where one may appear to be in a trance. Throughout complex
partial seizures, one may make movements while he is actually
- When a person has a seizure,
you cannot do anything to prevent it. Do make sure
that a person’s head
is protected if he /she falls down, and wait for the
seizure to end.
- When the seizure has ended, a person may feel disoriented
and embarrassed. Do try to assure that he/she has privacy
to collect himself/herself.
- Do realize that beepers or strobe lights can also trigger
seizures in some people.
People with Multiple Chemical Sensitivity:
People with multiple chemical sensitivity and respiratory
disabilities, such as asthma or emphysema, have reaction
to toxins when found in the air, e.g., stale air, fumes,
perfume, carpeting, air freshener, and the like. Even the
fumes from magic markers can trigger a severe reaction.
- Try to avoid spray-cleaning tables, windows or other
surfaces while people are in your place of business.
If you must use a spray product, spray or pour it carefully
into the cloth, not into the air. Use less-toxic products
when possible. People dealing with public, should take
easy on fragranced body-care products like cologne, hair
spray, hand lotion, and after-shave.
- Maintaining good ventilation and indoor air quality
will benefit all to stay healthier and more alert.
People with HIV & AIDS:
People with human immunodeficiency virus (HIV) or autoimmune
deficiency syndrome (AIDS) have impaired immune systems,
thus, their bodies have trouble fighting off infections.
- You cannot catch HIV through casual contacts, e.g.
shaking hands, so do not be afraid of touching or being
touched by a person with AIDS.
- A person with HIV or AIDS, however, is at substantial
risk of getting an airborne infection. Be mindful of
not putting someone else at risk.
- People with AIDS feel stigmatized; therefore, by simply
greeting or shaking their hand, you are letting them
know they are accepted.
People with Psychiatric Disabilities or Mental Illness:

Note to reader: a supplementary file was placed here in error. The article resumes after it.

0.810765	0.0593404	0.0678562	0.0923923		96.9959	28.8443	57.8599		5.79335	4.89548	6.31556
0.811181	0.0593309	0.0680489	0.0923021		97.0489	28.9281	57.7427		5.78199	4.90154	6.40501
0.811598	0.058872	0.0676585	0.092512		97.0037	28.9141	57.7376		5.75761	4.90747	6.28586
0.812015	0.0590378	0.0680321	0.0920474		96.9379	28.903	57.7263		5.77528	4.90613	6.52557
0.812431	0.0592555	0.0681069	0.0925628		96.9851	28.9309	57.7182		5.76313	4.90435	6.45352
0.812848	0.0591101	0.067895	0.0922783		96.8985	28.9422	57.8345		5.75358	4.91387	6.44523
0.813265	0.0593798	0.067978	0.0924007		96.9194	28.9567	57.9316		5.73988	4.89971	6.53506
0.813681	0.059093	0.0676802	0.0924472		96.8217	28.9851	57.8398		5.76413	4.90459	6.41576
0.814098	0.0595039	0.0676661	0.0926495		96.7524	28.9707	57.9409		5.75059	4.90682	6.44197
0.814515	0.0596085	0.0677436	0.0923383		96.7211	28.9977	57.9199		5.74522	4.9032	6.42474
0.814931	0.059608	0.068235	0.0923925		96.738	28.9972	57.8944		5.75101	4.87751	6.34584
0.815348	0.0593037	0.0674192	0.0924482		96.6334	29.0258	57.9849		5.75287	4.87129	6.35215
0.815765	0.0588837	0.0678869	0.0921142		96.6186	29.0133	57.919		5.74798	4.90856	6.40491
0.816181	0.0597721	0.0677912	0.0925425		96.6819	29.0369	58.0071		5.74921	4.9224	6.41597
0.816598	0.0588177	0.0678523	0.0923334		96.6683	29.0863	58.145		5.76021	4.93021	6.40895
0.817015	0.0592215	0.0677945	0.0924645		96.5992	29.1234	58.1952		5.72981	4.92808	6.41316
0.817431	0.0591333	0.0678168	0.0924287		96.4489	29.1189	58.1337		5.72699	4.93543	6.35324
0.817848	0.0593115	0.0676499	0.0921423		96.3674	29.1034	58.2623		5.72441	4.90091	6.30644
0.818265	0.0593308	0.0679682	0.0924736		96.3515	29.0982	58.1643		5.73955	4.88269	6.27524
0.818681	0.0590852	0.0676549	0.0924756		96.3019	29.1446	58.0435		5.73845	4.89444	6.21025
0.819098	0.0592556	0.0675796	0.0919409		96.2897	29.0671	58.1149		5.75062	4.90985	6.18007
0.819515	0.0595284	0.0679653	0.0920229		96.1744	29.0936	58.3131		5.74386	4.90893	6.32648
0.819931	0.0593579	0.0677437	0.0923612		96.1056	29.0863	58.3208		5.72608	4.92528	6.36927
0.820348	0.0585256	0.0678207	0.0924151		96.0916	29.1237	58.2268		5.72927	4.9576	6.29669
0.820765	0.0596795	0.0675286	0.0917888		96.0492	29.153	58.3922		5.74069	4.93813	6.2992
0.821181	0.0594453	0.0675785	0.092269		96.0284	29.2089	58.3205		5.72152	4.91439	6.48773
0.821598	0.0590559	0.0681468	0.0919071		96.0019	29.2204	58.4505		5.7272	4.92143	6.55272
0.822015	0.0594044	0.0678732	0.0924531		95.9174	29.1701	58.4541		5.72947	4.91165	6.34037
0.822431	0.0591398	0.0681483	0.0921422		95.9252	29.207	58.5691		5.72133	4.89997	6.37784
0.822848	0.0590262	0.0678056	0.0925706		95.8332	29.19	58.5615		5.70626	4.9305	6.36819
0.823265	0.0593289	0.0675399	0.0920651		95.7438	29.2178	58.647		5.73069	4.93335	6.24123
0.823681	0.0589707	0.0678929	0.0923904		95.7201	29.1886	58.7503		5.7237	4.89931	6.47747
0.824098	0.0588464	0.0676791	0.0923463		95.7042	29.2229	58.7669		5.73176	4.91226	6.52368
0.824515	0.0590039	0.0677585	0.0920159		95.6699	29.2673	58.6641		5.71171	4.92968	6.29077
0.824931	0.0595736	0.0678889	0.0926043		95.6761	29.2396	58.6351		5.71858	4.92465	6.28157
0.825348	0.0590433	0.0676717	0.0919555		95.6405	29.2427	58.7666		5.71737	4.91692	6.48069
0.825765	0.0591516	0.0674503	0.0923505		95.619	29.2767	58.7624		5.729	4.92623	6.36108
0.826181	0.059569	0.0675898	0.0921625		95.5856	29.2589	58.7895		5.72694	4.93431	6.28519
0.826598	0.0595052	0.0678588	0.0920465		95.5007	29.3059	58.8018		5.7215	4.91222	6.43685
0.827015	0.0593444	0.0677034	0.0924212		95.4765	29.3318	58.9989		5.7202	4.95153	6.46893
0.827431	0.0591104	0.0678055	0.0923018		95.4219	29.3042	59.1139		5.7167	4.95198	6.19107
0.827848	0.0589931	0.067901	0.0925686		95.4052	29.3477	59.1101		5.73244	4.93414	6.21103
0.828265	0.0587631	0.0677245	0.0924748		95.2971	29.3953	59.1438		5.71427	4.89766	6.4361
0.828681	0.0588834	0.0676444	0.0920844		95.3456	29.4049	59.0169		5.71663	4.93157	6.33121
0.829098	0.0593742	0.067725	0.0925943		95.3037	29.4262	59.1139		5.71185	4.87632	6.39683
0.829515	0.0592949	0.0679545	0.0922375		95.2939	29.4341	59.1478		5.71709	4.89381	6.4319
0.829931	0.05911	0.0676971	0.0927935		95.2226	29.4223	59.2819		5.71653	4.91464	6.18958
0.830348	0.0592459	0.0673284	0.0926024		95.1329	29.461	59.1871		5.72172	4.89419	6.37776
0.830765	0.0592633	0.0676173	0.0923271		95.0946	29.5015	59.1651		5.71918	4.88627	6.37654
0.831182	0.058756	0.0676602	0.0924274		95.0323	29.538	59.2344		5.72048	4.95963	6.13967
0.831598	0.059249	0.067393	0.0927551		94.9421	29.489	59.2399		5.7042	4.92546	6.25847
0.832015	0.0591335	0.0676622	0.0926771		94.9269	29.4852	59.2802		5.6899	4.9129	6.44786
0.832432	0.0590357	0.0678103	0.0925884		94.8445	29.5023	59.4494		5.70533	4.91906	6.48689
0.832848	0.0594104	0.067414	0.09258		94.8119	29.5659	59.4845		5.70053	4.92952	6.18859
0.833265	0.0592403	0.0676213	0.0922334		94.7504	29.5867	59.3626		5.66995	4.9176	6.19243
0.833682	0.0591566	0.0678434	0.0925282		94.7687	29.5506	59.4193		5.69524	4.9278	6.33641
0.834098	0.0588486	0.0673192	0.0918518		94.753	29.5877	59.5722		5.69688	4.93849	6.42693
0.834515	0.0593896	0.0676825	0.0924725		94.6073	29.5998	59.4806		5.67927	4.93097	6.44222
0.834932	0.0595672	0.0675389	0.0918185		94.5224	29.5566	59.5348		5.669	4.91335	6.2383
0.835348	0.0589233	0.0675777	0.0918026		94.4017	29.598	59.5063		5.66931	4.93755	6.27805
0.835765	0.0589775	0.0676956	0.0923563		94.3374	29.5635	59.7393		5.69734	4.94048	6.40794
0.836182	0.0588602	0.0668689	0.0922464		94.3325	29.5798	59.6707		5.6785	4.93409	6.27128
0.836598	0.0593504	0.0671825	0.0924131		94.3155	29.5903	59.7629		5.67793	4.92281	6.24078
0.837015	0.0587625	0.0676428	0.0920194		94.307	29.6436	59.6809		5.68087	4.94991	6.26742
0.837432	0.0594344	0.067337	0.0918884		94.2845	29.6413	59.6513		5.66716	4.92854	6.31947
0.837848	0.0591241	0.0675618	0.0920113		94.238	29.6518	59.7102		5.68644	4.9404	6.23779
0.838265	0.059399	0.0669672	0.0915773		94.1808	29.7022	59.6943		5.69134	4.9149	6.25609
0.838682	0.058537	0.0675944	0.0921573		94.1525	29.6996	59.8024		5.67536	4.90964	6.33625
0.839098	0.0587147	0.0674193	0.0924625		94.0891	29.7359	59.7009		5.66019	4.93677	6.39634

People with psychiatric disabilities
may now and then have difficulties -- coping with the
daily tasks/interactions. Their disorder may interfere
with their ability to feel, think or relate to others.
Most people with psychiatric disabilities are not violent.
Among major obstacles they face are the people’s
attitudes about them. Since it is a hidden disability,
chances are you will not realize such a health condition.
- Stress can affect a person’s
ability to function. Do try to keep the pressure of
the situation to a minimum.
- People who have psychiatric disabilities have varying
personalities and different ways of coping with their
disability. Thus, some may have trouble noting social
cues, while others may be supersensitive. One person
may be very high energy, while other may appear sluggish.
Do ask what will make him/her most comfortable and respect
his/her needs to the maximum extent possible.
- In a crisis, do stay calm and be supportive as you
would with others. Ask how you can help, and find out
if there is a support person who can be sent for. If
proper, you might ask if he/she has medication that he/she
needs to take.
People with Developmental Disabilities:
People with developmental disabilities learn slowly. They
have a hard time using what they have learned and applying
it from one setting to another.
- Speak to the person in clear sentences, using simple
words and concrete examples rather than abstract concepts.
Do help him/her to understand any complex idea by breaking
it down into smaller parts.
- Do not use any childlike conversation or talk down
to people who have developmental disabilities. Observe
and gaze the pace of the complexity and vocabulary of
your speech according to theirs.
- Remember, he/she is an adult and, unless you are informed
otherwise, can make his/her own decisions.
- People with developmental disabilities may be anxious
to please; therefore, questions should be formulated
in a neutral manner to elicit accurate information. The
responses can then be verified by repeating each question
in another way.
- It can be tough for people with developmental disabilities
to make quick decisions; therefore, be patient and allow
them to take their time.
- A clear mark with pictograms will help a person with
developmental disabilities to find his/her way around
- People with developmental disabilities often rely on
routine and familiar route to manage their work and daily
living. A period of adjustment and some attention is
required when there is change in the routine or the environment.